Whose Fault Was It?
Initially, folks were looking for someone to blame for this. One group blamed the easing of Dodd-Frank era regulations that kept SVB from being subject to the Fed “Stress Tests.” Regardless of your view of how big a bank needs to be to be “too big to fail,” the truth is that the Stress Test as it is currently configured would NOT have raised any red flags with SVB. It was solvent. The issue was liquidity, not solvency.
Should the Stress Tests be revamped? In light of the new environment of rising interest rates (remember the interest rate environment when the tests were developed was very different,) I would suggest the answer is ‘yes.’
The Fed was the also the target of blame, both for keeping interest rates low for so long, which resulted in more aggressive risk taking as investors and venture capitalists were looking for bigger returns, and then for raising interest rates so much in a relatively short period of time.
Are the venture capitalists to blame? First for pumping so much money into so many businesses (many of which, in higher interest rate scenarios, would not have been funded.) Then for telling the startups they funded to pull their cash out of SVB.
No one is contesting that SVB management bears the bulk of responsibility. An accounting rule allowed them to keep their long-term bonds and mortgage-backed securities on their balance sheet at par because they intended to hold them to maturity. If they had “marked them to market,” reflecting their loss in value due to interest rate increases, they would have wiped out all of the bank’s equity, and then some. They needed to raise capital much sooner than when they attempted to do so. The timing of insider sales of stock suggests that perhaps management knew what might happen (see next section.)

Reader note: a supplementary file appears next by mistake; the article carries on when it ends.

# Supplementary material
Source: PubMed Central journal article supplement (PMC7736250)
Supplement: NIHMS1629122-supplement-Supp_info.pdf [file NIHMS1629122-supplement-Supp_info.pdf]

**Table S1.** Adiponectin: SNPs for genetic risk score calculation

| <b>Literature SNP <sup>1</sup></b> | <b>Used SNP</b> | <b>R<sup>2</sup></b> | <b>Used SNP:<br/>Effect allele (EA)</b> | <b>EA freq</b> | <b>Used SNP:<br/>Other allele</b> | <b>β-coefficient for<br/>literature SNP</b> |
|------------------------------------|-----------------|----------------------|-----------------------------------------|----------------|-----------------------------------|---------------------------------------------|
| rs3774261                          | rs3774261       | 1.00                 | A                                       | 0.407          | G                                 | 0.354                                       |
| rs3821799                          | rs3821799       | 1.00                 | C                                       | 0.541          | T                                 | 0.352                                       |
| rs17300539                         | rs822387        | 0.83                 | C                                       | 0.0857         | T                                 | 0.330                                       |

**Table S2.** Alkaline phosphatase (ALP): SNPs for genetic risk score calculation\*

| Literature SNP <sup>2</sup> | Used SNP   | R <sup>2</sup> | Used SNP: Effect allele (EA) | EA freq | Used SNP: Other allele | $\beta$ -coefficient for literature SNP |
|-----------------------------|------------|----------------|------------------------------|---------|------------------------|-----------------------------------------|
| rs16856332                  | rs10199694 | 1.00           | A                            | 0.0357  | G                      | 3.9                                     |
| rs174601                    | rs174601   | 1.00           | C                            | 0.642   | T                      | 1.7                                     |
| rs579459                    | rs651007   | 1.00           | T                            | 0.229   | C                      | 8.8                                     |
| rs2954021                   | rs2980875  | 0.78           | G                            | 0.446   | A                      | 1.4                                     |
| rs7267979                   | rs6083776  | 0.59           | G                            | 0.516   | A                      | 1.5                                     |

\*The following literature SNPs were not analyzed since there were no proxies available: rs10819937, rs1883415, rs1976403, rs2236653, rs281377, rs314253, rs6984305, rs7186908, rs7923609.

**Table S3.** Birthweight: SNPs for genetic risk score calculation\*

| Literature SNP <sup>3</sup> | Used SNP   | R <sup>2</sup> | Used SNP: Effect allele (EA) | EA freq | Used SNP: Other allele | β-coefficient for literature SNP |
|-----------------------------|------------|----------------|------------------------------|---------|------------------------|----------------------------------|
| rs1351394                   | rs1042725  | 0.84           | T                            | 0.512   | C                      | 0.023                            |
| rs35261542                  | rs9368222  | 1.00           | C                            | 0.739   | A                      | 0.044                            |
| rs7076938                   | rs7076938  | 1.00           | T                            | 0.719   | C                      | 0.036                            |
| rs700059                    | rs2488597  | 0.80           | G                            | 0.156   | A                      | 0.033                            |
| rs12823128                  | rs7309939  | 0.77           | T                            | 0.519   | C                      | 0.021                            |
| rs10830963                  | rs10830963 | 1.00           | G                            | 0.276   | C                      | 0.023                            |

And what about the auditors and regulators? KPMG’s review weeks before the crisis revealed no indication of any issue. Regulators are the people that write the rules. Rules may need to be changed after this episode. Supervisors are the people that enforce the rules. The Federal Reserve Bank announced that it will review its supervision of the bank as the SVB situation should have raised red flags. (see next section.)
For more on the blame game, check out this article from Irrelevant Investor.
Agencies may be tripping over each other as they investigate what happened at Sillicon Valley Bank. (The Hill)
- The Department of Justice has launched an investigation, suggesting they are suspicious there may be criminal wrongdoing in the (mis)management of the bank.
- The SEC also announced they would launch an investigation as they are responsible for protecting investor interests and will be looking to see if any federal securities laws had been broken.
- The Federal Reserve will be conducting an internal investigation to see if/where their supervisory processes may have broken down and need to be revamped.